Taken together, the large holdings of EU sovereign debt by EU banks, and the large positions of U.S. banks in U.S. Treasuries, make the international banking system unusually sensitive to difficulties with sovereign debt. And lately there have been difficulties galore. Hence, the financial system looks shakier and stock values less certain.

To make the situation worse, the Fed's relentless campaign to drive down interest rates along the length and breadth of the yield curve has, perversely, weakened the banks. Banks, in a nutshell, make their money by borrowing on a short term basis, usually at the low rates available at the short end of the curve, and lending longer term at the higher rates usually available for longer maturities. This strategy works when long term interest rates are sufficiently higher than short term rates (i.e., the yield curve is sufficiently upward sloping). The flatter the yield curve gets (i.e., the lower long term rates go, relative to short term rates), the less profitable lending is for banks. The Fed's various policy measures, most recently QE2, have flattened the yield curve quite a bit. Recent flight to quality has flattened it even more. Perhaps one reason why the Fed hasn't yet announced QE3 is because it doesn't want to further stifle the profitability of bank lending by making the yield curve resemble the horizon.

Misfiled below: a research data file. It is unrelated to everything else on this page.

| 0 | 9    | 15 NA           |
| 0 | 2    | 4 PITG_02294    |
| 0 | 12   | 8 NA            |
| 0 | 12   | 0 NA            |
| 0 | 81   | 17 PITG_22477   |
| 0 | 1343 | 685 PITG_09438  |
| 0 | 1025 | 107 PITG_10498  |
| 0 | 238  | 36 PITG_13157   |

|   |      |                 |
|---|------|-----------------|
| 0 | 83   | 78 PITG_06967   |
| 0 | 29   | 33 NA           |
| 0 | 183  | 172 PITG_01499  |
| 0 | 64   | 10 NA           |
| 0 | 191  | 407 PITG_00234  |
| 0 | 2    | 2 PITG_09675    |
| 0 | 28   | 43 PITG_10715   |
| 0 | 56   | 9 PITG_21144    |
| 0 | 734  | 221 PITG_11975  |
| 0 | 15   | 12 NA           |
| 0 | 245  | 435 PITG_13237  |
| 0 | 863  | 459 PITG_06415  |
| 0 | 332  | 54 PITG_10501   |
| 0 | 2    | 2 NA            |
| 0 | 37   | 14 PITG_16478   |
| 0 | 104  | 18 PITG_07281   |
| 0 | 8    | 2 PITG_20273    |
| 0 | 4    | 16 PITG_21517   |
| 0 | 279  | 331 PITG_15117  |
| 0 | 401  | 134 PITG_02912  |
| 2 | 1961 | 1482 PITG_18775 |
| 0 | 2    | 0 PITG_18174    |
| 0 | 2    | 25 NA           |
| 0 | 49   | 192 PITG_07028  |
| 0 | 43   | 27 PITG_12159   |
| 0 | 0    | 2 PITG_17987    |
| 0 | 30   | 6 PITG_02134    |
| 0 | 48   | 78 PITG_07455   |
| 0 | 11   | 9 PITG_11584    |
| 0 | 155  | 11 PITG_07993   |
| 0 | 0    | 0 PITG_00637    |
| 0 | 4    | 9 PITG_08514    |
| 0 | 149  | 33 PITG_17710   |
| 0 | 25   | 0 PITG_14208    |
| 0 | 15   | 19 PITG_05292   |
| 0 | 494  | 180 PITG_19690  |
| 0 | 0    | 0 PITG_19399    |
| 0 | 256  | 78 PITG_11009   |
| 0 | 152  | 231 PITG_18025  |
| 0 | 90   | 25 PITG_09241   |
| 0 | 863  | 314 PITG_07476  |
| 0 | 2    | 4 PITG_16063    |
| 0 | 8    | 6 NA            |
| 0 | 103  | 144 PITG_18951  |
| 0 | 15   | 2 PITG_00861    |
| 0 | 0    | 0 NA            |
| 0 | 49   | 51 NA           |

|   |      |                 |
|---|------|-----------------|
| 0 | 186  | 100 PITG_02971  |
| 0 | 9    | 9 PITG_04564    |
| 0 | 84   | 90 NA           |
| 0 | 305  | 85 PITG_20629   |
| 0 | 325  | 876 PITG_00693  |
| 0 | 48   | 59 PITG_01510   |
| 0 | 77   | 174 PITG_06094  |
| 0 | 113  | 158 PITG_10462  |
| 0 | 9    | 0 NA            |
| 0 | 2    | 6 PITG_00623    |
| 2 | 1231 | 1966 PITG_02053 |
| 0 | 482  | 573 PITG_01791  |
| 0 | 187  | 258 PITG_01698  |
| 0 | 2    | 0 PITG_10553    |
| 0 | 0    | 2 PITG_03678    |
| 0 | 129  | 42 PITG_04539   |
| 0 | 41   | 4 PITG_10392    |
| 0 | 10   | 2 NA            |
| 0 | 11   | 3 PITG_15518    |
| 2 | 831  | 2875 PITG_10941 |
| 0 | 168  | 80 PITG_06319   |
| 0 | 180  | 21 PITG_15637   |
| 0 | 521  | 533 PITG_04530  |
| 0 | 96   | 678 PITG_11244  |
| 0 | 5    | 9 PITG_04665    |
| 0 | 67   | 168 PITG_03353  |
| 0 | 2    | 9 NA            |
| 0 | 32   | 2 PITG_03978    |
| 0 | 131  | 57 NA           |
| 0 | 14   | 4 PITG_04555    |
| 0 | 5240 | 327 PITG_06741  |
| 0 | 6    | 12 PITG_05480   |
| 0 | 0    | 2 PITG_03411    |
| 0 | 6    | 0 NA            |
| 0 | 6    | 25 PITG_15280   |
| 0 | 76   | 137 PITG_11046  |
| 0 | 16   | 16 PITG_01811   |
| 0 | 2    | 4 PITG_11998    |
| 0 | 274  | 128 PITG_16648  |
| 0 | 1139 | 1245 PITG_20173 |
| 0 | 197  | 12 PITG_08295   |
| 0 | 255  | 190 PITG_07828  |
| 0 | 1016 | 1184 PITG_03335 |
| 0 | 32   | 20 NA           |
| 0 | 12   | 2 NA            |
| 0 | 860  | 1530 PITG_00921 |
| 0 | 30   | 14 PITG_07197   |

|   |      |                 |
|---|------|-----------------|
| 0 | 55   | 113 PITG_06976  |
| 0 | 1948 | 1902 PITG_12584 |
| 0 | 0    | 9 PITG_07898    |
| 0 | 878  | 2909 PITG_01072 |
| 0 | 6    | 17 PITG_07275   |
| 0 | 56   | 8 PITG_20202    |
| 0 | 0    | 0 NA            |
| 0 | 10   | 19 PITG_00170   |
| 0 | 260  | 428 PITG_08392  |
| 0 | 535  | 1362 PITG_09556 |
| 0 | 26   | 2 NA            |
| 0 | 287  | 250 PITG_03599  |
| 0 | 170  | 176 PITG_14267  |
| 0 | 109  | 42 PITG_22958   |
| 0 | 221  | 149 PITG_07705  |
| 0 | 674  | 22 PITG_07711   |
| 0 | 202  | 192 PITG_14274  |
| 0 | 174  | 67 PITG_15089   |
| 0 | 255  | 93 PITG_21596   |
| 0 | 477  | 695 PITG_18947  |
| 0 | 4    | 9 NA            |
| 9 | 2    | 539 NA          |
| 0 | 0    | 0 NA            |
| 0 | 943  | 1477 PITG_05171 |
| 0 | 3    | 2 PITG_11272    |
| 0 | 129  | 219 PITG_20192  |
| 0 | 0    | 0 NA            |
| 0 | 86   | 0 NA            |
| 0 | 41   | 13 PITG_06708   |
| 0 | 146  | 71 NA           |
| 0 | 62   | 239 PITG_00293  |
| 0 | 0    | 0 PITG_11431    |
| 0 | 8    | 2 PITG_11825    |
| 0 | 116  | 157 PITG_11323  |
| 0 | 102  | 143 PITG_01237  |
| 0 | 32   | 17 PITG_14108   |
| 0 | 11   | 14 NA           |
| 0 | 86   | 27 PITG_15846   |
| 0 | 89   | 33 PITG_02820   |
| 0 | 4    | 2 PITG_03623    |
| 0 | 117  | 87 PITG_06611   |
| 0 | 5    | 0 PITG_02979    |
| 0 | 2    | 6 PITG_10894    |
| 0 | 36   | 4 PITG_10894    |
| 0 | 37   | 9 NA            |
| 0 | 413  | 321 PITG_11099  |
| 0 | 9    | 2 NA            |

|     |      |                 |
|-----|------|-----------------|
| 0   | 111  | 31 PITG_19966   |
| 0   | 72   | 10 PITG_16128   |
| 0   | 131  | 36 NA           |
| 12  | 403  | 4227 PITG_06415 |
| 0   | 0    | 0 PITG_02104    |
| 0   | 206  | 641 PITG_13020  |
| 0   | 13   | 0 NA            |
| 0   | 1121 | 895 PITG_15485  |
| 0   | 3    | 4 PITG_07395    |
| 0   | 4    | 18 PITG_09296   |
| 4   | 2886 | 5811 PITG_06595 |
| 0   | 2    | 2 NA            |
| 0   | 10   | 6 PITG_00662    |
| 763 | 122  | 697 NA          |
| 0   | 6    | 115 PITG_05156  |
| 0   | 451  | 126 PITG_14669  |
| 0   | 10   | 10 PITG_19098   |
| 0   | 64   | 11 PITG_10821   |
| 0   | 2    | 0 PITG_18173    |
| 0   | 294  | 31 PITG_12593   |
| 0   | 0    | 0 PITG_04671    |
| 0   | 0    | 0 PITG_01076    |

Thus, the Fed's interest rate policies are probably adding to the fragility of the banking system. Folk wisdom on the Street holds that when the yield curve inverts (i.e., the short end rises above the long end), a recession is likely. Today, it's hard to apply this thesis, since the Fed artificially prescribes rates. But if we could extrapolate somehow to what a more normal, less government controlled market would look like, we'd have to be concerned that prospects for the economy are far from rosy.

Last, but certainly not least, the real estate/mortgage crisis still haunts the banking system. Recently, the robo-signing foreclosure debacle has operated like a pipe bomb in bank balance sheets, with escalating costs that the banks have been desperately trying to cap through court settlements. Once the banks are able to foreclose again, they'll have to book losses by writing down a lot of loans currently held in suspension because foreclosures remain in limbo. It will be years and many more losses before the real estate disaster is cleaned up.

So have investors been freaking out and selling in a panic? Or does it make sense that the sudden flaring of the EU sovereign debt crisis over the past few months, coupled with the debt ceiling dance of governmental dysfunction, and the nine lives of the real estate/mortgage crisis, would reveal the ethereal foundations of stock market valuations? This isn't necessarily a situation where the market must be crazy. Maybe the world really is screwed up, and market valuations are adjusting to reflect that reality.